A QUICK SHOT of silicon in the old keyhole, twice a year, can cut your chances (for some of you, the certainty) of standing in the rain some night, a bit head-leavened, maybe, stabbing futilely at a lock choked with dirt and corrosion.
A variation of this theme might have you rummaging your purse or pockets for a key you left in your dresser, too late at night to get a locksmith. It's happened to other folks. It should never happen to you.
Locks deserve attention, as much for reasons of convenience as for security. Ideally, they should be lubricated every few months, but can go a year without maintenance if necessary, according to an old-hand Silver Spring locksmith. Beyond that, corrosion and stiffness set in, especially in humid climates. Garage and gate locks, including padlocks, need more frequent maintenance.
Graphite powder, oil or petroleum jelly are good lubricants, he noted, but a less messy choice is the silicon or petroleum-distillate spray found in hardware stores. These leave a clean, frictionless film that balks corrosion and helps moving parts work smoothly. Spray the bolt and hand latch, if there is one, and use a hollow coffee stirrer or a thin plastic straw (one usually comes with each can of lubricant) to fire directly into the keyhole. The arthritic locks on the inside doors of old houses can usually be freed this way, too.
The old trick of heating a key with a match is still the best way to melt a frozen car lock. Don't pour hot water into the keyhole: It has a way of temporarily freeing the lock so you can get into the car, then trapping you inside when the water freezes again. Insert the key gently to avoid breaking the metal plug covering the keyhole. TheReader's Digest Fix-It Manual (Pleasantville, N.T . . . The Reader's Digest Assn., Inc., 1977) recommends using an alcohol-base deicer or spray lubricant to make sure it doesn't happen again.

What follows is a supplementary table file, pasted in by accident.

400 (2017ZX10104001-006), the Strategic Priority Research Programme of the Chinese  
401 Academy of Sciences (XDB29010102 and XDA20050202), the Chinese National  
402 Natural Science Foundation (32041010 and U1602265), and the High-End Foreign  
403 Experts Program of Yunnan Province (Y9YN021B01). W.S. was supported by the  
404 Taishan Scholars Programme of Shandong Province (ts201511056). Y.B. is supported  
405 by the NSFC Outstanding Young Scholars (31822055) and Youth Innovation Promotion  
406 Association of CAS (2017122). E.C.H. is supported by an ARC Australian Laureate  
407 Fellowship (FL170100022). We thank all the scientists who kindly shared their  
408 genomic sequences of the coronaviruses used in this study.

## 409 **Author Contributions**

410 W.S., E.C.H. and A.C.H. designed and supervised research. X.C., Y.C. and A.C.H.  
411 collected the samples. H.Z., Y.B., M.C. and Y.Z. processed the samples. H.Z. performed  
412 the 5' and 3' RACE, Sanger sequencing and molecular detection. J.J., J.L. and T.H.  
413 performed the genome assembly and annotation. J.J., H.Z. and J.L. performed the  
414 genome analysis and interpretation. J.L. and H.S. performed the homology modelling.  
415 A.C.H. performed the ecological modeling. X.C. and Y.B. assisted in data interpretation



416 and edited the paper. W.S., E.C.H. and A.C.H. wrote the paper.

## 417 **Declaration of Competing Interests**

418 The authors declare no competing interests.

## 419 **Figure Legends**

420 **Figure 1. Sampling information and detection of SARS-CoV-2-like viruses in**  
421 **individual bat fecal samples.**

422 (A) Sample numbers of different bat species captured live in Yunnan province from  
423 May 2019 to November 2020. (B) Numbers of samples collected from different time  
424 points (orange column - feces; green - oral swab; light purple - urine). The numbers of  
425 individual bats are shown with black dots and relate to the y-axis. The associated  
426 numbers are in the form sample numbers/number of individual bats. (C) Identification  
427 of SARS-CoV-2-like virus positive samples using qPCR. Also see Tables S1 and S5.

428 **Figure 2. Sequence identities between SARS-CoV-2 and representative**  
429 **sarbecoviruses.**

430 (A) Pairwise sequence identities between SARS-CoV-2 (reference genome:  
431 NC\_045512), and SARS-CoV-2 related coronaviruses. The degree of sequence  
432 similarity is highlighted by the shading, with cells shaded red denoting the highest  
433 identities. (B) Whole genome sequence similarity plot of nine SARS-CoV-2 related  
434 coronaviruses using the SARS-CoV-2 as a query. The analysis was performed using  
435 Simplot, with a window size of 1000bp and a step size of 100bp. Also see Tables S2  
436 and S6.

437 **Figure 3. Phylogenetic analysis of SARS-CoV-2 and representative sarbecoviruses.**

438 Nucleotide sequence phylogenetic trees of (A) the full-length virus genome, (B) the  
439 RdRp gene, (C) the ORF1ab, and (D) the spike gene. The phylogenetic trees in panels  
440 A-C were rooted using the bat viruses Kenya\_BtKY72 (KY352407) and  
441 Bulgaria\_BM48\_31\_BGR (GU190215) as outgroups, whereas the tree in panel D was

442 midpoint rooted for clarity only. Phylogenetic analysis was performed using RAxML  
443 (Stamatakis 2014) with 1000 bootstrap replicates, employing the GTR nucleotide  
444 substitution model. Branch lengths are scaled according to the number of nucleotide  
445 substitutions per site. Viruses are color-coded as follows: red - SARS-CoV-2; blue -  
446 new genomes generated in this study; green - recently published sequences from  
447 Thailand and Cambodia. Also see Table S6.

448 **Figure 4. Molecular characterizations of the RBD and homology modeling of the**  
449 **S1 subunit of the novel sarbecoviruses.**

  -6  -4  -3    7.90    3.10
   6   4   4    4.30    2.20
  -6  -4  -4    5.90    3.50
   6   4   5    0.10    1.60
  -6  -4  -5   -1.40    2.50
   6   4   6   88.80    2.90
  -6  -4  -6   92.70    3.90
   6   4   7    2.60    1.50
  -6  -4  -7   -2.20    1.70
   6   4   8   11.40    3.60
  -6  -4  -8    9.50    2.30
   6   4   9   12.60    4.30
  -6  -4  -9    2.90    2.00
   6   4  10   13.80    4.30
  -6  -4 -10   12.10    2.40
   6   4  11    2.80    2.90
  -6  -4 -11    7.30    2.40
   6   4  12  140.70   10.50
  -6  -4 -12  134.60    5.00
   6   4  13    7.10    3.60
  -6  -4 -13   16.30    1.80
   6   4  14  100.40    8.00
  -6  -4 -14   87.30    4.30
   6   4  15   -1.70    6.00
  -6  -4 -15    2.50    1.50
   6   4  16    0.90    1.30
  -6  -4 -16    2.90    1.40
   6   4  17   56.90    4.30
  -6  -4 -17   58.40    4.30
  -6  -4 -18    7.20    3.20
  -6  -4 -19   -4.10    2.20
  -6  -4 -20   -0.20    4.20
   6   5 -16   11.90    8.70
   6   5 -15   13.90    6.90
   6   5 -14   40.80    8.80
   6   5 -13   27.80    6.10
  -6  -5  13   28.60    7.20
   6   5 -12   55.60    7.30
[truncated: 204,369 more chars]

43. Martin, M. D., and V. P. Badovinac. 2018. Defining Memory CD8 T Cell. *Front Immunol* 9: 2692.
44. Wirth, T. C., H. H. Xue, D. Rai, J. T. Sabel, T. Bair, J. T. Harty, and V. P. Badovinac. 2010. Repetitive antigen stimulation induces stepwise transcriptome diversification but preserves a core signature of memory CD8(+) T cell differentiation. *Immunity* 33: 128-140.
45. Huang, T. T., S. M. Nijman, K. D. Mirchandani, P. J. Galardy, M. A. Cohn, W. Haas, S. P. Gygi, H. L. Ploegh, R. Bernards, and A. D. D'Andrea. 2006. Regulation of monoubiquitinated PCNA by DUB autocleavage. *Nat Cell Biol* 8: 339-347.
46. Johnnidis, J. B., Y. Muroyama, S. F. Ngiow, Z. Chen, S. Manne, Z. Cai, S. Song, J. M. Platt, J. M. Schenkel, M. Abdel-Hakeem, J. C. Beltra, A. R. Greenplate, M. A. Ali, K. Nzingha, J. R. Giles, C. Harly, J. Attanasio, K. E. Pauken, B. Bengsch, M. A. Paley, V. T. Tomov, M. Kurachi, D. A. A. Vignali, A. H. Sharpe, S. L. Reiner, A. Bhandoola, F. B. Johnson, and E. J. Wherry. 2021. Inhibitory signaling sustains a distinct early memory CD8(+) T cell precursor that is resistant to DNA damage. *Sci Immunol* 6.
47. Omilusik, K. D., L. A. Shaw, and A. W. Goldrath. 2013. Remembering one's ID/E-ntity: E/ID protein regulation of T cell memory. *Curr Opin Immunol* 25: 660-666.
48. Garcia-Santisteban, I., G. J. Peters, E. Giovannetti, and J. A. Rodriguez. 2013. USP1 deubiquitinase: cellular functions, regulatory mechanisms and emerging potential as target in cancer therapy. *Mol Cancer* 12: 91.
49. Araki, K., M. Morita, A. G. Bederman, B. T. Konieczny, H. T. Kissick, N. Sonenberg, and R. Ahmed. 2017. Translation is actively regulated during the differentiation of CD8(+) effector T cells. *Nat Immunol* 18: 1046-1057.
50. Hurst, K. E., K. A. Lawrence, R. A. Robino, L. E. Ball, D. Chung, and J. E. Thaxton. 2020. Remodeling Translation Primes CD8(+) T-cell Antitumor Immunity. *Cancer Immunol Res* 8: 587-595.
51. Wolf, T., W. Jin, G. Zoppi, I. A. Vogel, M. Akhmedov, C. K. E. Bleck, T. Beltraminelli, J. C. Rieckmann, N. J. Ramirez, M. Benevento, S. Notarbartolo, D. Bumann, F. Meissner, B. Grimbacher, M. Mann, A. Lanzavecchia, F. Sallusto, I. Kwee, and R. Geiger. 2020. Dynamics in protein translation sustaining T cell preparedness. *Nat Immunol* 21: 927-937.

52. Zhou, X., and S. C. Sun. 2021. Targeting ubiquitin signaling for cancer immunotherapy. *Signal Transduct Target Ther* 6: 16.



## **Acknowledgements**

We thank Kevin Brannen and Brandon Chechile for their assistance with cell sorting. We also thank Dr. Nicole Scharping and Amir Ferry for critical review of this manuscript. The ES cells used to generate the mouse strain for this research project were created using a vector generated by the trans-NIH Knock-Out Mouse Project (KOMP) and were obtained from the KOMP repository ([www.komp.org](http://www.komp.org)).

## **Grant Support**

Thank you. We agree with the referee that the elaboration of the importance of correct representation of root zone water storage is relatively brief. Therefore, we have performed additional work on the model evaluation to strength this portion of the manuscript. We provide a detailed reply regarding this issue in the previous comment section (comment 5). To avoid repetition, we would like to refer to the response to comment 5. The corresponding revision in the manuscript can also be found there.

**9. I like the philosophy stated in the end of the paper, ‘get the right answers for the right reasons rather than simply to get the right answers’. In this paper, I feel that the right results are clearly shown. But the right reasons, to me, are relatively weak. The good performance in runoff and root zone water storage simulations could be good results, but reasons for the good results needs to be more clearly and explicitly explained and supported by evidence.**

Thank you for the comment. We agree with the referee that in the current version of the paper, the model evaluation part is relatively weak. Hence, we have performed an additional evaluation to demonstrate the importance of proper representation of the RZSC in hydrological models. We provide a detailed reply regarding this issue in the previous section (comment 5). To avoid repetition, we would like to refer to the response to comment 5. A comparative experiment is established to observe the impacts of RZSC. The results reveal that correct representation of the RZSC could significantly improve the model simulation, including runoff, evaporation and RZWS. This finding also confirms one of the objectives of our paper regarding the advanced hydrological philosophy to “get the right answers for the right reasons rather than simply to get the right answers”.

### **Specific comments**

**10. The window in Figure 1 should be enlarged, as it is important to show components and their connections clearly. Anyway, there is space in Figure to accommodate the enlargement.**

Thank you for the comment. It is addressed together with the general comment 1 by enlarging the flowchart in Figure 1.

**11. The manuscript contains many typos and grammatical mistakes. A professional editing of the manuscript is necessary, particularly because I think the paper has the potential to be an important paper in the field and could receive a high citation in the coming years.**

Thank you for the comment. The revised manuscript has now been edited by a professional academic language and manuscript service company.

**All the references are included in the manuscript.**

Locks that are too far gone in grime to respond to lubrication can be disassembled and soaked in turpentine, suggests Home Security, by Charles Dunne and Richard V. Nunn (Birmingham, Ala: Oxmoor House, Inc., 1975). Excess paint can be removed with paint thinner. Steep the lock in the solvent a few minutes and wipe the paint off with a stiff brush. Use alcohol, or soap and hot water, to get rid of the paint thinner. Be sure to use the solvents in a ventilated area.
You can avoid the cost (several area locksmiths quoted an average of $20) of having a locksmith make a house call to replace lost keys by keeping spares in a secure but accessible place, and by making a record of the code number engraved on each key. This "blank number" allows the locksmith to make a replacement key without taking castings of the keyhole.The skeleton keys used for the simple locks on inside doors of old houses can be replaced at the locksmith's for 30 to 40 cents.
When an old swivel window lock gets hard to open, it might be worthwhile to replace it rather than restore it. Key locks, available for $4 - $5 at large department stores and hardware shops, offer more security than swivel locks, and are less obtrusive, since they're installed on the side of the upper sash where they can be concealed by drapery.They have the added advantage of being deployable in two positions: when the window is closed entirely, or when it's open up to three inches for ventilation.
Other books you might find useful in your search for security are:
How To Burglar-Proof Your Home by Robert L. Robinson (Chicago: Nelson-Hall, Inc. 1977). Discusses problems of security and helps you choose locks for all uses.
All About Locks and Locksmithing by Max Alth (New York: Hawthorn Books, Inc. 1972). Explains the workings of various locks, with long segments on how the patient person can pick them.